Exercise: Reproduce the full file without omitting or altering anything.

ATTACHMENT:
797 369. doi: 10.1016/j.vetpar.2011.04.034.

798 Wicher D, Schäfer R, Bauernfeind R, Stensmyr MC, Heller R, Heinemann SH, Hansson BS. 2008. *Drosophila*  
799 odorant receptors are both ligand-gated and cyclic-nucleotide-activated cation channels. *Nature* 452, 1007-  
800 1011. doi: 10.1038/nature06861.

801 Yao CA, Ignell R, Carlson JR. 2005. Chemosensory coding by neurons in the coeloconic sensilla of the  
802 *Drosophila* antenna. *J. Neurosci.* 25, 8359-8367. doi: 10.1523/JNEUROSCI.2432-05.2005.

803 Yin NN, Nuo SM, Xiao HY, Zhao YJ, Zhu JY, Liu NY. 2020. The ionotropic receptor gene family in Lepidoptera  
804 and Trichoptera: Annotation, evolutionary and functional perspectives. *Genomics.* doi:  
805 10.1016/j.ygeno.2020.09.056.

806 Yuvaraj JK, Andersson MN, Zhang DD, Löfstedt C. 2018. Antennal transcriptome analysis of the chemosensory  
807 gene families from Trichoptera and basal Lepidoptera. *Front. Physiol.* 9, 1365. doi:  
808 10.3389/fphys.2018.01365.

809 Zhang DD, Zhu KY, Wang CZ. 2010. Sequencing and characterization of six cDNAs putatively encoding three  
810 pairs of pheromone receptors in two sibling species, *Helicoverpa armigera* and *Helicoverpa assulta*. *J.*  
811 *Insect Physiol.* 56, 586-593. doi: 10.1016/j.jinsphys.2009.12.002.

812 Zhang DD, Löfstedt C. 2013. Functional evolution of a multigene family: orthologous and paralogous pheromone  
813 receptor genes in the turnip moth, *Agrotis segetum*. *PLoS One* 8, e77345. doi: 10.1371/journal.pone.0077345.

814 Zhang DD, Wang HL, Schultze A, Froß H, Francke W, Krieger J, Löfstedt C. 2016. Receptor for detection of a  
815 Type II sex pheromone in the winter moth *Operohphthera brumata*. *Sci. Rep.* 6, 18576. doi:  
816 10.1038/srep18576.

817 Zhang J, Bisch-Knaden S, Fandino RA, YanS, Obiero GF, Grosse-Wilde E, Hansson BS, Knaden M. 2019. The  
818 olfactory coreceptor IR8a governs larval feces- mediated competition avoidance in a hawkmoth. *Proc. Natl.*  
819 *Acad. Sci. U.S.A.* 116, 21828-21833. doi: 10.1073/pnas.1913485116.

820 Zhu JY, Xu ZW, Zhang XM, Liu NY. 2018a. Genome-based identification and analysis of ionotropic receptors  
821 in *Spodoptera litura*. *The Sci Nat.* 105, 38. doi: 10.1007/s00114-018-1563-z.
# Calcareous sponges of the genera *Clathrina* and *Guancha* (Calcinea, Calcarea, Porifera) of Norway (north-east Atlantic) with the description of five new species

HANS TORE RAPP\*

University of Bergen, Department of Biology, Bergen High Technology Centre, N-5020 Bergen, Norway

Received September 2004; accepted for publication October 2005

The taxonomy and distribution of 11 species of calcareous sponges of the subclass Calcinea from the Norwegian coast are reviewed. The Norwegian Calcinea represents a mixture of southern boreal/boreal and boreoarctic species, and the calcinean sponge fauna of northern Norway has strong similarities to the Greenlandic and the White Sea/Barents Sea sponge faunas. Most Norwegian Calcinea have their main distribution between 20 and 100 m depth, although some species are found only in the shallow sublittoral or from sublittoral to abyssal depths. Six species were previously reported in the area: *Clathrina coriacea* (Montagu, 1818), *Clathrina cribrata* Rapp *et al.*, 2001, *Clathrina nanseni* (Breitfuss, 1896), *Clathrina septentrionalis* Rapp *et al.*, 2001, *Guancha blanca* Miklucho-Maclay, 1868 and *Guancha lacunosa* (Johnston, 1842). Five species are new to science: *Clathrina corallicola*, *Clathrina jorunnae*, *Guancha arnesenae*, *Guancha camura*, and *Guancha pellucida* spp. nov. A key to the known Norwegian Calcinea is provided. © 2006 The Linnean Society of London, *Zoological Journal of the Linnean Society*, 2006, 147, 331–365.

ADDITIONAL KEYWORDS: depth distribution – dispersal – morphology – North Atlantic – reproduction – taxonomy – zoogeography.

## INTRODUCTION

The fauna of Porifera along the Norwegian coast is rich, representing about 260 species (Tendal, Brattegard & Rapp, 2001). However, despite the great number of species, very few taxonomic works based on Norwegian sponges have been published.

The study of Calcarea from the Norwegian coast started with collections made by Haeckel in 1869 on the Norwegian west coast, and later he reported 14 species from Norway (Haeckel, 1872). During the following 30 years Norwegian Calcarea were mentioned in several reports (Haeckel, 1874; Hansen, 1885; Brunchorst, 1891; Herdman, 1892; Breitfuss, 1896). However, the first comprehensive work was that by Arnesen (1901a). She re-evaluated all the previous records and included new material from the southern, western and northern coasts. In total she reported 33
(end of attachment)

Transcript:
797 369. doi: 10.1016/j.vetpar.2011.04.034.

798 Wicher D, Schäfer R, Bauernfeind R, Stensmyr MC, Heller R, Heinemann SH, Hansson BS. 2008. *Drosophila*  
799 odorant receptors are both ligand-gated and cyclic-nucleotide-activated cation channels. *Nature* 452, 1007-  
800 1011. doi: 10.1038/nature06861.

801 Yao CA, Ignell R, Carlson JR. 2005. Chemosensory coding by neurons in the coeloconic sensilla of the  
802 *Drosophila* antenna. *J. Neurosci.* 25, 8359-8367. doi: 10.1523/JNEUROSCI.2432-05.2005.

803 Yin NN, Nuo SM, Xiao HY, Zhao YJ, Zhu JY, Liu NY. 2020. The ionotropic receptor gene family in Lepidoptera  
804 and Trichoptera: Annotation, evolutionary and functional perspectives. *Genomics.* doi:  
805 10.1016/j.ygeno.2020.09.056.

806 Yuvaraj JK, Andersson MN, Zhang DD, Löfstedt C. 2018. Antennal transcriptome analysis of the chemosensory  
807 gene families from Trichoptera and basal Lepidoptera. *Front. Physiol.* 9, 1365. doi:  
808 10.3389/fphys.2018.01365.

809 Zhang DD, Zhu KY, Wang CZ. 2010. Sequencing and characterization of six cDNAs putatively encoding three  
810 pairs of pheromone receptors in two sibling species, *Helicoverpa armigera* and *Helicoverpa assulta*. *J.*  
811 *Insect Physiol.* 56, 586-593. doi: 10.1016/j.jinsphys.2009.12.002.

812 Zhang DD, Löfstedt C. 2013. Functional evolution of a multigene family: orthologous and paralogous pheromone  
813 receptor genes in the turnip moth, *Agrotis segetum*. *PLoS One* 8, e77345. doi: 10.1371/journal.pone.0077345.

814 Zhang DD, Wang HL, Schultze A, Froß H, Francke W, Krieger J, Löfstedt C. 2016. Receptor for detection of a  
815 Type II sex pheromone in the winter moth *Operohphthera brumata*. *Sci. Rep.* 6, 18576. doi:  
816 10.1038/srep18576.

817 Zhang J, Bisch-Knaden S, Fandino RA, YanS, Obiero GF, Grosse-Wilde E, Hansson BS, Knaden M. 2019. The  
818 olfactory coreceptor IR8a governs larval feces- mediated competition avoidance in a hawkmoth. *Proc. Natl.*  
819 *Acad. Sci. U.S.A.* 116, 21828-21833. doi: 10.1073/pnas.1913485116.

820 Zhu JY, Xu ZW, Zhang XM, Liu NY. 2018a. Genome-based identification and analysis of ionotropic receptors  
821 in *Spodoptera litura*. *The Sci Nat.* 105, 38. doi: 10.1007/s00114-018-1563-z.
# Calcareous sponges of the genera *Clathrina* and *Guancha* (Calcinea, Calcarea, Porifera) of Norway (north-east Atlantic) with the description of five new species

HANS TORE RAPP\*

University of Bergen, Department of Biology, Bergen High Technology Centre, N-5020 Bergen, Norway

Received September 2004; accepted for publication October 2005

The taxonomy and distribution of 11 species of calcareous sponges of the subclass Calcinea from the Norwegian coast are reviewed. The Norwegian Calcinea represents a mixture of southern boreal/boreal and boreoarctic species, and the calcinean sponge fauna of northern Norway has strong similarities to the Greenlandic and the White Sea/Barents Sea sponge faunas. Most Norwegian Calcinea have their main distribution between 20 and 100 m depth, although some species are found only in the shallow sublittoral or from sublittoral to abyssal depths. Six species were previously reported in the area: *Clathrina coriacea* (Montagu, 1818), *Clathrina cribrata* Rapp *et al.*, 2001, *Clathrina nanseni* (Breitfuss, 1896), *Clathrina septentrionalis* Rapp *et al.*, 2001, *Guancha blanca* Miklucho-Maclay, 1868 and *Guancha lacunosa* (Johnston, 1842). Five species are new to science: *Clathrina corallicola*, *Clathrina jorunnae*, *Guancha arnesenae*, *Guancha camura*, and *Guancha pellucida* spp. nov. A key to the known Norwegian Calcinea is provided. © 2006 The Linnean Society of London, *Zoological Journal of the Linnean Society*, 2006, 147, 331–365.

ADDITIONAL KEYWORDS: depth distribution – dispersal – morphology – North Atlantic – reproduction – taxonomy – zoogeography.

## INTRODUCTION

The fauna of Porifera along the Norwegian coast is rich, representing about 260 species (Tendal, Brattegard & Rapp, 2001). However, despite the great number of species, very few taxonomic works based on Norwegian sponges have been published.

The study of Calcarea from the Norwegian coast started with collections made by Haeckel in 1869 on the Norwegian west coast, and later he reported 14 species from Norway (Haeckel, 1872). During the following 30 years Norwegian Calcarea were mentioned in several reports (Haeckel, 1874; Hansen, 1885; Brunchorst, 1891; Herdman, 1892; Breitfuss, 1896). However, the first comprehensive work was that by Arnesen (1901a). She re-evaluated all the previous records and included new material from the southern, western and northern coasts. In total she reported 33